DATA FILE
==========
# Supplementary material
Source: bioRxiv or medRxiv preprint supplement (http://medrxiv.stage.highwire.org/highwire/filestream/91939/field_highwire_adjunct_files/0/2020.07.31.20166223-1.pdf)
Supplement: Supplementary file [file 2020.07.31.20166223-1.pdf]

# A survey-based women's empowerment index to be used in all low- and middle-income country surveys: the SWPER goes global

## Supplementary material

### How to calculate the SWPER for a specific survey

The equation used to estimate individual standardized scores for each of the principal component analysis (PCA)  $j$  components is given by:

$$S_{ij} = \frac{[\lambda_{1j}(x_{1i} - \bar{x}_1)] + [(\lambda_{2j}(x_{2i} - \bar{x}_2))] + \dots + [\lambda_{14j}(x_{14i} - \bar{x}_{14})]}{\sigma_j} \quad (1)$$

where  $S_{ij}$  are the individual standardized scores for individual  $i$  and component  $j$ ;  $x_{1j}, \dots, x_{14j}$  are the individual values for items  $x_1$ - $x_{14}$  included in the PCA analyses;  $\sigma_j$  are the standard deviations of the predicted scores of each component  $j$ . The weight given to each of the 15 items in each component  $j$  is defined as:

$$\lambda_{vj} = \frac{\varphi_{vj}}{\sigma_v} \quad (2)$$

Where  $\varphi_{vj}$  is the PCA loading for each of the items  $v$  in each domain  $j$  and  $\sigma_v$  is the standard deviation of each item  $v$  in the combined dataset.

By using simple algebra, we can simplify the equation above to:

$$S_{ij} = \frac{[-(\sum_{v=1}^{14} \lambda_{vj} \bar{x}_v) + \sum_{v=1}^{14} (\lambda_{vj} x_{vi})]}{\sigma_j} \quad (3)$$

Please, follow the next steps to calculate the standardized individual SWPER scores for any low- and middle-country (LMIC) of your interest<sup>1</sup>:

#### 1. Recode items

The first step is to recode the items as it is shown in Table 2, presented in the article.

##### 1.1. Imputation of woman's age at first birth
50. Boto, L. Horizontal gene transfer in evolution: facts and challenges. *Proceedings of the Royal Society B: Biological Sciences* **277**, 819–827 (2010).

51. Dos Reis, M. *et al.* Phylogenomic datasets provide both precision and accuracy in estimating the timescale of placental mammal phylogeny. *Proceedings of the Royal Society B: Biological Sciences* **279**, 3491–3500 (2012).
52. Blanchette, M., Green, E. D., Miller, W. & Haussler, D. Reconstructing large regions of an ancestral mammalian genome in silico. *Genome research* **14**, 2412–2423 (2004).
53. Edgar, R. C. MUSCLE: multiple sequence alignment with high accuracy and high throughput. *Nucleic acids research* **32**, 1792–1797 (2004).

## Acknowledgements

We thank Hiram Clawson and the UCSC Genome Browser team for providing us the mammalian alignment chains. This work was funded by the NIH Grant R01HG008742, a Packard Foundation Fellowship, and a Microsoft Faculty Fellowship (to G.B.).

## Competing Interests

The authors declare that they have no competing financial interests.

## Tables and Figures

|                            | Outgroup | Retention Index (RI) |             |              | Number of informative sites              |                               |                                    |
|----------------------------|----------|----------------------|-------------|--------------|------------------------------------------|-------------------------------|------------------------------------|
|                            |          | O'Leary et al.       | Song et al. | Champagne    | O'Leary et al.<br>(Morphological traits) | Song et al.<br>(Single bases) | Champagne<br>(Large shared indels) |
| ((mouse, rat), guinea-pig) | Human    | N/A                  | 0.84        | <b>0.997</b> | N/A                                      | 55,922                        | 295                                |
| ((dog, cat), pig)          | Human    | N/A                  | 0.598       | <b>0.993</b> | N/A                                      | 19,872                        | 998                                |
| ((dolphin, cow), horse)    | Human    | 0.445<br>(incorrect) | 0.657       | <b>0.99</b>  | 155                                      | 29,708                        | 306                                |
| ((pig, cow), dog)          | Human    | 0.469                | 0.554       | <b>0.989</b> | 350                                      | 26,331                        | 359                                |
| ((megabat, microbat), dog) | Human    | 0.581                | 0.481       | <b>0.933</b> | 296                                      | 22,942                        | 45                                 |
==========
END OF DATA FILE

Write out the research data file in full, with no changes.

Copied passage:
# Supplementary material
Source: bioRxiv or medRxiv preprint supplement (http://medrxiv.stage.highwire.org/highwire/filestream/91939/field_highwire_adjunct_files/0/2020.07.31.20166223-1.pdf)
Supplement: Supplementary file [file 2020.07.31.20166223-1.pdf]

# A survey-based women's empowerment index to be used in all low- and middle-income country surveys: the SWPER goes global

## Supplementary material

### How to calculate the SWPER for a specific survey

The equation used to estimate individual standardized scores for each of the principal component analysis (PCA)  $j$  components is given by:

$$S_{ij} = \frac{[\lambda_{1j}(x_{1i} - \bar{x}_1)] + [(\lambda_{2j}(x_{2i} - \bar{x}_2))] + \dots + [\lambda_{14j}(x_{14i} - \bar{x}_{14})]}{\sigma_j} \quad (1)$$

where  $S_{ij}$  are the individual standardized scores for individual  $i$  and component  $j$ ;  $x_{1j}, \dots, x_{14j}$  are the individual values for items  $x_1$ - $x_{14}$  included in the PCA analyses;  $\sigma_j$  are the standard deviations of the predicted scores of each component  $j$ . The weight given to each of the 15 items in each component  $j$  is defined as:

$$\lambda_{vj} = \frac{\varphi_{vj}}{\sigma_v} \quad (2)$$

Where  $\varphi_{vj}$  is the PCA loading for each of the items  $v$  in each domain  $j$  and  $\sigma_v$  is the standard deviation of each item  $v$  in the combined dataset.

By using simple algebra, we can simplify the equation above to:

$$S_{ij} = \frac{[-(\sum_{v=1}^{14} \lambda_{vj} \bar{x}_v) + \sum_{v=1}^{14} (\lambda_{vj} x_{vi})]}{\sigma_j} \quad (3)$$

Please, follow the next steps to calculate the standardized individual SWPER scores for any low- and middle-country (LMIC) of your interest<sup>1</sup>:

#### 1. Recode items

The first step is to recode the items as it is shown in Table 2, presented in the article.

##### 1.1. Imputation of woman's age at first birth
50. Boto, L. Horizontal gene transfer in evolution: facts and challenges. *Proceedings of the Royal Society B: Biological Sciences* **277**, 819–827 (2010).

51. Dos Reis, M. *et al.* Phylogenomic datasets provide both precision and accuracy in estimating the timescale of placental mammal phylogeny. *Proceedings of the Royal Society B: Biological Sciences* **279**, 3491–3500 (2012).
52. Blanchette, M., Green, E. D., Miller, W. & Haussler, D. Reconstructing large regions of an ancestral mammalian genome in silico. *Genome research* **14**, 2412–2423 (2004).
53. Edgar, R. C. MUSCLE: multiple sequence alignment with high accuracy and high throughput. *Nucleic acids research* **32**, 1792–1797 (2004).

## Acknowledgements

We thank Hiram Clawson and the UCSC Genome Browser team for providing us the mammalian alignment chains. This work was funded by the NIH Grant R01HG008742, a Packard Foundation Fellowship, and a Microsoft Faculty Fellowship (to G.B.).

## Competing Interests

The authors declare that they have no competing financial interests.

## Tables and Figures

|                            | Outgroup | Retention Index (RI) |             |              | Number of informative sites              |                               |                                    |
|----------------------------|----------|----------------------|-------------|--------------|------------------------------------------|-------------------------------|------------------------------------|
|                            |          | O'Leary et al.       | Song et al. | Champagne    | O'Leary et al.<br>(Morphological traits) | Song et al.<br>(Single bases) | Champagne<br>(Large shared indels) |
| ((mouse, rat), guinea-pig) | Human    | N/A                  | 0.84        | <b>0.997</b> | N/A                                      | 55,922                        | 295                                |
| ((dog, cat), pig)          | Human    | N/A                  | 0.598       | <b>0.993</b> | N/A                                      | 19,872                        | 998                                |
| ((dolphin, cow), horse)    | Human    | 0.445<br>(incorrect) | 0.657       | <b>0.99</b>  | 155                                      | 29,708                        | 306                                |
| ((pig, cow), dog)          | Human    | 0.469                | 0.554       | <b>0.989</b> | 350                                      | 26,331                        | 359                                |
| ((megabat, microbat), dog) | Human    | 0.581                | 0.481       | <b>0.933</b> | 296                                      | 22,942                        | 45                                 |